1. Josak profile image60
      Josakposted 4 years ago in reply to this

      That's one of the problems our system creates isn't it the people who provide a fair wage to their employees and good quality workmanship to the clients are allmost allways put out of bussiness by those who do neither and as a result everyone loses.

  4. 0
    Larry Wallposted 4 years ago

    Just a couple of comments on points I picked up here.
    1. You cannot pay a factory worker, or the person at the local fast food place or other employees like that on a commission basis, i.e. for each piece of product sold. If a piece of equipment breaks down, the factory worker cannot make the product and he does not get paid. The hamburger flipper makes less on a rainy week night than the guy working on a clear weekend. When you sell cars, insurance or anything like that, where your job is only to make the sale and see that the product is delivered, commission will work. Otherwise an hourly wage or salary is needed.

    Someone said the CEO of a company should know how to do every job in the company. Most CEOs of say oil companies, do not know how to drill a well, or check pressure values. They do not know how to run a refinery and they probably do not know how to drive a tank truck filled with gasoline.

    In my old job I was paid a salary. I was expected to work a minimum hours per week, usually work more and was expected to complete assignments.

    A minimum wage system is needed. The big problem is that employers will hire twice the minimum wage people they need, split them into shifts and thus can avoid paying for any benefits including health insurance.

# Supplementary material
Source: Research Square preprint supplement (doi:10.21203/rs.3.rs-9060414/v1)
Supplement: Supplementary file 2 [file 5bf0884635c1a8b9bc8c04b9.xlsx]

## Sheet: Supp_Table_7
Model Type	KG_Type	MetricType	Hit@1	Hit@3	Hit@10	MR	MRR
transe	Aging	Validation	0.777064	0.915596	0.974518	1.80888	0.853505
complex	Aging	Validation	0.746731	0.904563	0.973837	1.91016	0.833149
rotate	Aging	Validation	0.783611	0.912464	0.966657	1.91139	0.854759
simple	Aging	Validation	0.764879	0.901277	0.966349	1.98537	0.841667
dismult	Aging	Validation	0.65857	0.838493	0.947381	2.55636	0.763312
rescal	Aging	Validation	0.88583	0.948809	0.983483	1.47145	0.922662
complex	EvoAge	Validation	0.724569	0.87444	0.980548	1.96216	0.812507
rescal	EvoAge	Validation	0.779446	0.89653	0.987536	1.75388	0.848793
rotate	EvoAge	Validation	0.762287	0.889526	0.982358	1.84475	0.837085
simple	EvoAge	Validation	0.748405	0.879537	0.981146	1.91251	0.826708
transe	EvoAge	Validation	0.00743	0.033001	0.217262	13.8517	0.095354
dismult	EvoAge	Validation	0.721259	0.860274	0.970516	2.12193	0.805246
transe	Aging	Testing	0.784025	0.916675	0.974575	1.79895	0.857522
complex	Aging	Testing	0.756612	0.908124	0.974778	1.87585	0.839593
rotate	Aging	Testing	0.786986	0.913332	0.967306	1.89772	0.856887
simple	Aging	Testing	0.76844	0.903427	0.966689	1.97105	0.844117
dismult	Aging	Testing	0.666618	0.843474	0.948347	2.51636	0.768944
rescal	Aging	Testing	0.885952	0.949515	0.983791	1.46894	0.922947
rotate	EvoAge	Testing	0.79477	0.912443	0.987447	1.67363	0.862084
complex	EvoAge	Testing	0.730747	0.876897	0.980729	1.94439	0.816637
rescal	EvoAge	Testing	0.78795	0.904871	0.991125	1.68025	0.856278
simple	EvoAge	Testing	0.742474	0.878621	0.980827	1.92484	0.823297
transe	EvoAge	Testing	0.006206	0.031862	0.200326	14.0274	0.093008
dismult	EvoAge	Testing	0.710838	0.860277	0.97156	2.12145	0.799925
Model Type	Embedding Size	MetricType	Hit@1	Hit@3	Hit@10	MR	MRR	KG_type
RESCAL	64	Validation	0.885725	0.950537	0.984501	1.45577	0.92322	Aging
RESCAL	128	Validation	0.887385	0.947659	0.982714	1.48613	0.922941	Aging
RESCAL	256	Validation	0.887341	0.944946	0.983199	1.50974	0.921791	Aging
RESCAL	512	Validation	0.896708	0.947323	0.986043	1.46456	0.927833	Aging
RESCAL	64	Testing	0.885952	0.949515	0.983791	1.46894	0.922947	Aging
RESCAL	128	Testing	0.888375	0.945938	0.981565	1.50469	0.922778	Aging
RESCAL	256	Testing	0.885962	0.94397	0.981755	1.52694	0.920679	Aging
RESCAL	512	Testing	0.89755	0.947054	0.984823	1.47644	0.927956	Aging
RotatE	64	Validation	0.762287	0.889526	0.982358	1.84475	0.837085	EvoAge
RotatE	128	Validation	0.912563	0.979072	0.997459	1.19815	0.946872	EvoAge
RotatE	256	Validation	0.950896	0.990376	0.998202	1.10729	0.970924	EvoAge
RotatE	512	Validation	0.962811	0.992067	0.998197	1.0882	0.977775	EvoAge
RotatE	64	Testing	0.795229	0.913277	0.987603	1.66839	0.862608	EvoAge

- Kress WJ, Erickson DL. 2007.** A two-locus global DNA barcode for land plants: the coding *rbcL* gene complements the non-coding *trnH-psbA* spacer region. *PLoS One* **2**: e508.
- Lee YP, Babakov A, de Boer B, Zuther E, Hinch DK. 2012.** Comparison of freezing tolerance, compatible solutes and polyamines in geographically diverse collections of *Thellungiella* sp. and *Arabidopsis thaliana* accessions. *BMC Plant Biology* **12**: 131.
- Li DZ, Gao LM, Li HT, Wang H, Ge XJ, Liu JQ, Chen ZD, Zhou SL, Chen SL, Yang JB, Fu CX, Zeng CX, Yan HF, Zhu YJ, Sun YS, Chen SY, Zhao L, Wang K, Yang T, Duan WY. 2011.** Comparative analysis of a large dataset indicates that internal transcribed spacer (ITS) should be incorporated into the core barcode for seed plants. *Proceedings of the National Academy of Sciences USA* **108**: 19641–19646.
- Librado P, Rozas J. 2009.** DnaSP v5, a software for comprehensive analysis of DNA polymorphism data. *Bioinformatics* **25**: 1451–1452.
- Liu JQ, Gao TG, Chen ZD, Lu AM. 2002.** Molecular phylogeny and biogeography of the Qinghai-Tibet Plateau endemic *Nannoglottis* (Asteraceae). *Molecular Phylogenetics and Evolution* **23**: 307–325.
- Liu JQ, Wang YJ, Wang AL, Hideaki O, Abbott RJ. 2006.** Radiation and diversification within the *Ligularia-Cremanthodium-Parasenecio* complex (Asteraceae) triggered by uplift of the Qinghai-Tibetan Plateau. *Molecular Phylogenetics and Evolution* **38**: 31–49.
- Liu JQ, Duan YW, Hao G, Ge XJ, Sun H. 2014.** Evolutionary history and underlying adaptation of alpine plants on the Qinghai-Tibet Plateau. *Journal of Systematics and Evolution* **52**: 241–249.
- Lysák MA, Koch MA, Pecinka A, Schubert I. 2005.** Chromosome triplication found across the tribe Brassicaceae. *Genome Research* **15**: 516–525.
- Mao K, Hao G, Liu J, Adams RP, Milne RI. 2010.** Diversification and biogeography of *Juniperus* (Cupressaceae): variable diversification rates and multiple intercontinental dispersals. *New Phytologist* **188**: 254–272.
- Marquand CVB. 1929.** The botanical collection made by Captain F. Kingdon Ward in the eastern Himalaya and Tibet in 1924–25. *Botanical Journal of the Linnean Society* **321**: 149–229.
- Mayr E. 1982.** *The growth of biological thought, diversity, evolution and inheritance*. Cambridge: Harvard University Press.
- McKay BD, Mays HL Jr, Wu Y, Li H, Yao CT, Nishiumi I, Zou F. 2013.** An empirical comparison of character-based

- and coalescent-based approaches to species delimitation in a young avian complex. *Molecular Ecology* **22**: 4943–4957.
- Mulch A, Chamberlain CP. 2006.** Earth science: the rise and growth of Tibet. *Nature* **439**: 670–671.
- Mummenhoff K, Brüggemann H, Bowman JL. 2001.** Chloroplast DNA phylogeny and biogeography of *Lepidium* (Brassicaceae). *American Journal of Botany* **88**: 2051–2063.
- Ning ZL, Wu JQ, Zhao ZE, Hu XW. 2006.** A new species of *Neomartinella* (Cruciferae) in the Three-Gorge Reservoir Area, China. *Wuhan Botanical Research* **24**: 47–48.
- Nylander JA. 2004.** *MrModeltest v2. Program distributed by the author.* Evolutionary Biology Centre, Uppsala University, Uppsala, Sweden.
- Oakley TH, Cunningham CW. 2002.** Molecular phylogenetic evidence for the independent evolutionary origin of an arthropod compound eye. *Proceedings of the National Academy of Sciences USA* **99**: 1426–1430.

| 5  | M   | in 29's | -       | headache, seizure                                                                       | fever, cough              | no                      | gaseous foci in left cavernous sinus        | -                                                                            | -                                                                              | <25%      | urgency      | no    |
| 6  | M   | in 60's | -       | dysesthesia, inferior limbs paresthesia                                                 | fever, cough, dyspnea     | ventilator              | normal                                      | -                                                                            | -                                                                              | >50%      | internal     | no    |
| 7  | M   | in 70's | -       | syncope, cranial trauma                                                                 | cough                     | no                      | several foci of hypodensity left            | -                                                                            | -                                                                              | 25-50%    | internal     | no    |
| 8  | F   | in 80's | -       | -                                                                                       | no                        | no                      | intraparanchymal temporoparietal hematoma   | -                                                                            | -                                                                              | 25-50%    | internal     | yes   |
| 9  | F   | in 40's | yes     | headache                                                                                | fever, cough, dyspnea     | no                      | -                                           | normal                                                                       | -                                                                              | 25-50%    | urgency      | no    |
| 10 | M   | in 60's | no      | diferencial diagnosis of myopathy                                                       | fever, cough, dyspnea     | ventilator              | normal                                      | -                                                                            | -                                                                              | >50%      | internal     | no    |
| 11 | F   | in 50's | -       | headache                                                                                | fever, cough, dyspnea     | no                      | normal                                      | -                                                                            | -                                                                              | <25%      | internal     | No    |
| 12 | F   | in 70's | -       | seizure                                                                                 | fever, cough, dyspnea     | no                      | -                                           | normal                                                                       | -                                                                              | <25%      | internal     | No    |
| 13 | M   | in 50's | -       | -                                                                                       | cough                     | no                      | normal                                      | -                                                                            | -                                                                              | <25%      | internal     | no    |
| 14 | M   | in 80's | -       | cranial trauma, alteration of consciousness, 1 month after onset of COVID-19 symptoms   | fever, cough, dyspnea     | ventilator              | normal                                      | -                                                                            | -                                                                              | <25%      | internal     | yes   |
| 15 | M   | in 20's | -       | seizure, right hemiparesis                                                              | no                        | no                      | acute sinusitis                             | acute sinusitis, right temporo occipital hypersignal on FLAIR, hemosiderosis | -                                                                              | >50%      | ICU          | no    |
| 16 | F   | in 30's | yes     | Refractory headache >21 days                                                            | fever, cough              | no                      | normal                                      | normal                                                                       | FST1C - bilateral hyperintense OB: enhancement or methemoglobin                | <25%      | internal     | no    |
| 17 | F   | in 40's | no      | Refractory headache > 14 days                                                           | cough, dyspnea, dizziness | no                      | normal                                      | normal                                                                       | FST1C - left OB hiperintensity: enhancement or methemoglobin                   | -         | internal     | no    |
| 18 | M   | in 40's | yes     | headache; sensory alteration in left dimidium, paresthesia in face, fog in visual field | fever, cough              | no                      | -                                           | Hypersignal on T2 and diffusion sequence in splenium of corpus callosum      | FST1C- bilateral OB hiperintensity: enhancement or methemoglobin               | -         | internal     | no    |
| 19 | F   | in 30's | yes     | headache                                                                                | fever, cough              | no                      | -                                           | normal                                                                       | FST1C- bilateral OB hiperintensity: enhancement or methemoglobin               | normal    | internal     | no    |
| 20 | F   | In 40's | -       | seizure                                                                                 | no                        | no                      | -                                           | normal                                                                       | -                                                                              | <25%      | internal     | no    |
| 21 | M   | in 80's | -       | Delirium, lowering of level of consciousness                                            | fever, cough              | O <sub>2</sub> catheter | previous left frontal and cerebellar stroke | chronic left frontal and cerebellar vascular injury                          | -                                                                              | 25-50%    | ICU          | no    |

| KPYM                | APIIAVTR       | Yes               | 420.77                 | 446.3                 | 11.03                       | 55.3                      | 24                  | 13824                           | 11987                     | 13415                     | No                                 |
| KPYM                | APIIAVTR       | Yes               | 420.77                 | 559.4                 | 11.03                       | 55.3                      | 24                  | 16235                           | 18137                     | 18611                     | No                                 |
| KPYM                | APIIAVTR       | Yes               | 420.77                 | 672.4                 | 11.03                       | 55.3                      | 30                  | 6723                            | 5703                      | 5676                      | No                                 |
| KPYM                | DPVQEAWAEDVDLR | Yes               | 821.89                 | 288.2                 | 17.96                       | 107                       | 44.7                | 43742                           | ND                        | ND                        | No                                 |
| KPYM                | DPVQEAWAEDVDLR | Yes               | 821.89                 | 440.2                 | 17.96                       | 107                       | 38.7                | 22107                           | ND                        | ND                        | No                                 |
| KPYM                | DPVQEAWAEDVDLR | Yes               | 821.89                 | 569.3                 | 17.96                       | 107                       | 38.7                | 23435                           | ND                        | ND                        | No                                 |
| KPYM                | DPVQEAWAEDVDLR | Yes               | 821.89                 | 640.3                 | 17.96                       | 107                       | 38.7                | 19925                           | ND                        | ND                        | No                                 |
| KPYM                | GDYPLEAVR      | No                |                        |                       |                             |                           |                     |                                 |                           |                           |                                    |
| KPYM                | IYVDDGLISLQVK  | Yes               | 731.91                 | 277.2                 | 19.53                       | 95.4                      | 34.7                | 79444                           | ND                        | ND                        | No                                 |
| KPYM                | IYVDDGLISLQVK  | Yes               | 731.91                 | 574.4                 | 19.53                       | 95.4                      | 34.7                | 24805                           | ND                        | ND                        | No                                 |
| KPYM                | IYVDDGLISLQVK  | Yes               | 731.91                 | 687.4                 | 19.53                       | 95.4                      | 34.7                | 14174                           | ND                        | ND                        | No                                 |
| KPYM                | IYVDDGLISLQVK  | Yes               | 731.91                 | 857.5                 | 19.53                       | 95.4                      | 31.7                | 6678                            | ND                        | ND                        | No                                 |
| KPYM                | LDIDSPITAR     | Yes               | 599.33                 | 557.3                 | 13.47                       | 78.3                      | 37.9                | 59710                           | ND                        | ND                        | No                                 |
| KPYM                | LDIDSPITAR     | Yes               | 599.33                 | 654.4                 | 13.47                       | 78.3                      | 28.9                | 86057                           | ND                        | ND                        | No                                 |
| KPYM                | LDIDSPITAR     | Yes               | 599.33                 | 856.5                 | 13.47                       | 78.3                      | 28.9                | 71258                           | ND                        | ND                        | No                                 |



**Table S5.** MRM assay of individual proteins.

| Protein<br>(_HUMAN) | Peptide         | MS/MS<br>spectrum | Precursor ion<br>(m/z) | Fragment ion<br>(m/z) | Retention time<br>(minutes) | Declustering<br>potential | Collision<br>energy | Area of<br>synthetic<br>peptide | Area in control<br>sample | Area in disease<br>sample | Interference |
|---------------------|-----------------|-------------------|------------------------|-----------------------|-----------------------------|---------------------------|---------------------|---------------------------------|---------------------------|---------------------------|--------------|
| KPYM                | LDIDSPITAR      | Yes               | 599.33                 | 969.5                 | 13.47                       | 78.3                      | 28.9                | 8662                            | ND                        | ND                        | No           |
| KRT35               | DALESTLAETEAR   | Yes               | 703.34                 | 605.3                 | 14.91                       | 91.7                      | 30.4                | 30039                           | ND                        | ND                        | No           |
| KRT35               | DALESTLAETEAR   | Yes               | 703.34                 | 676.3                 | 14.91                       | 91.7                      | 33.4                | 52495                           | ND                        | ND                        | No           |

I do not have the golden answer. Having a minimum wage is better than not having a minimum wage and I suspect there is a better system, but no one has shown it to me yet.

    1. John Holden profile image59
      John Holdenposted 4 years ago in reply to this

      Larry, rather than being paid on a commission basis the staff in this instance were paid for four hours for cleaning a caravan, if they finished in three and a half they still got four hours pay.

      Of course that wouldn't work for burger flippers or factory workers but the underlying principle that if you pay your workers decent wages both sides win still remains.
      The worker is more motivated to work and less keen to change employment. The employer wins with a much lower turn over of staff.

      1. couturepopcafe profile image61
        couturepopcafeposted 4 years ago in reply to this

        It works in that particular scenario. But how about auto techs and mechanics? The client is charged by the hour. The job is listed as taking an average of 4 hours to complete. A good mechanic can do it in three but the client is still charged for 4 hours.

        Now the next client in line is charged for a 4 hour job. That same mechanic can do it in three but he's already been paid for my extra hour, which he now has as free time, and applies that time to the next job. So he's working two hours on that next job, still being paid for 4 hours, and got the extra hour, like double dipping, from my job.

        1. Charles James profile image87
          Charles Jamesposted 4 years ago in reply to this

          The garage charges you for four hours of the workers time at their charge out rate, which is often six times what the mechanic earns. Why do you not criticise the management?

          1. John Holden profile image59
            John Holdenposted 4 years ago in reply to this

            But Charles, the management can never be wrong, any fault must lie with the worker.

          2. couturepopcafe profile image61
            couturepopcafeposted 4 years ago in reply to this

            Charles - you're right.

        2. John Holden profile image59
          John Holdenposted 4 years ago in reply to this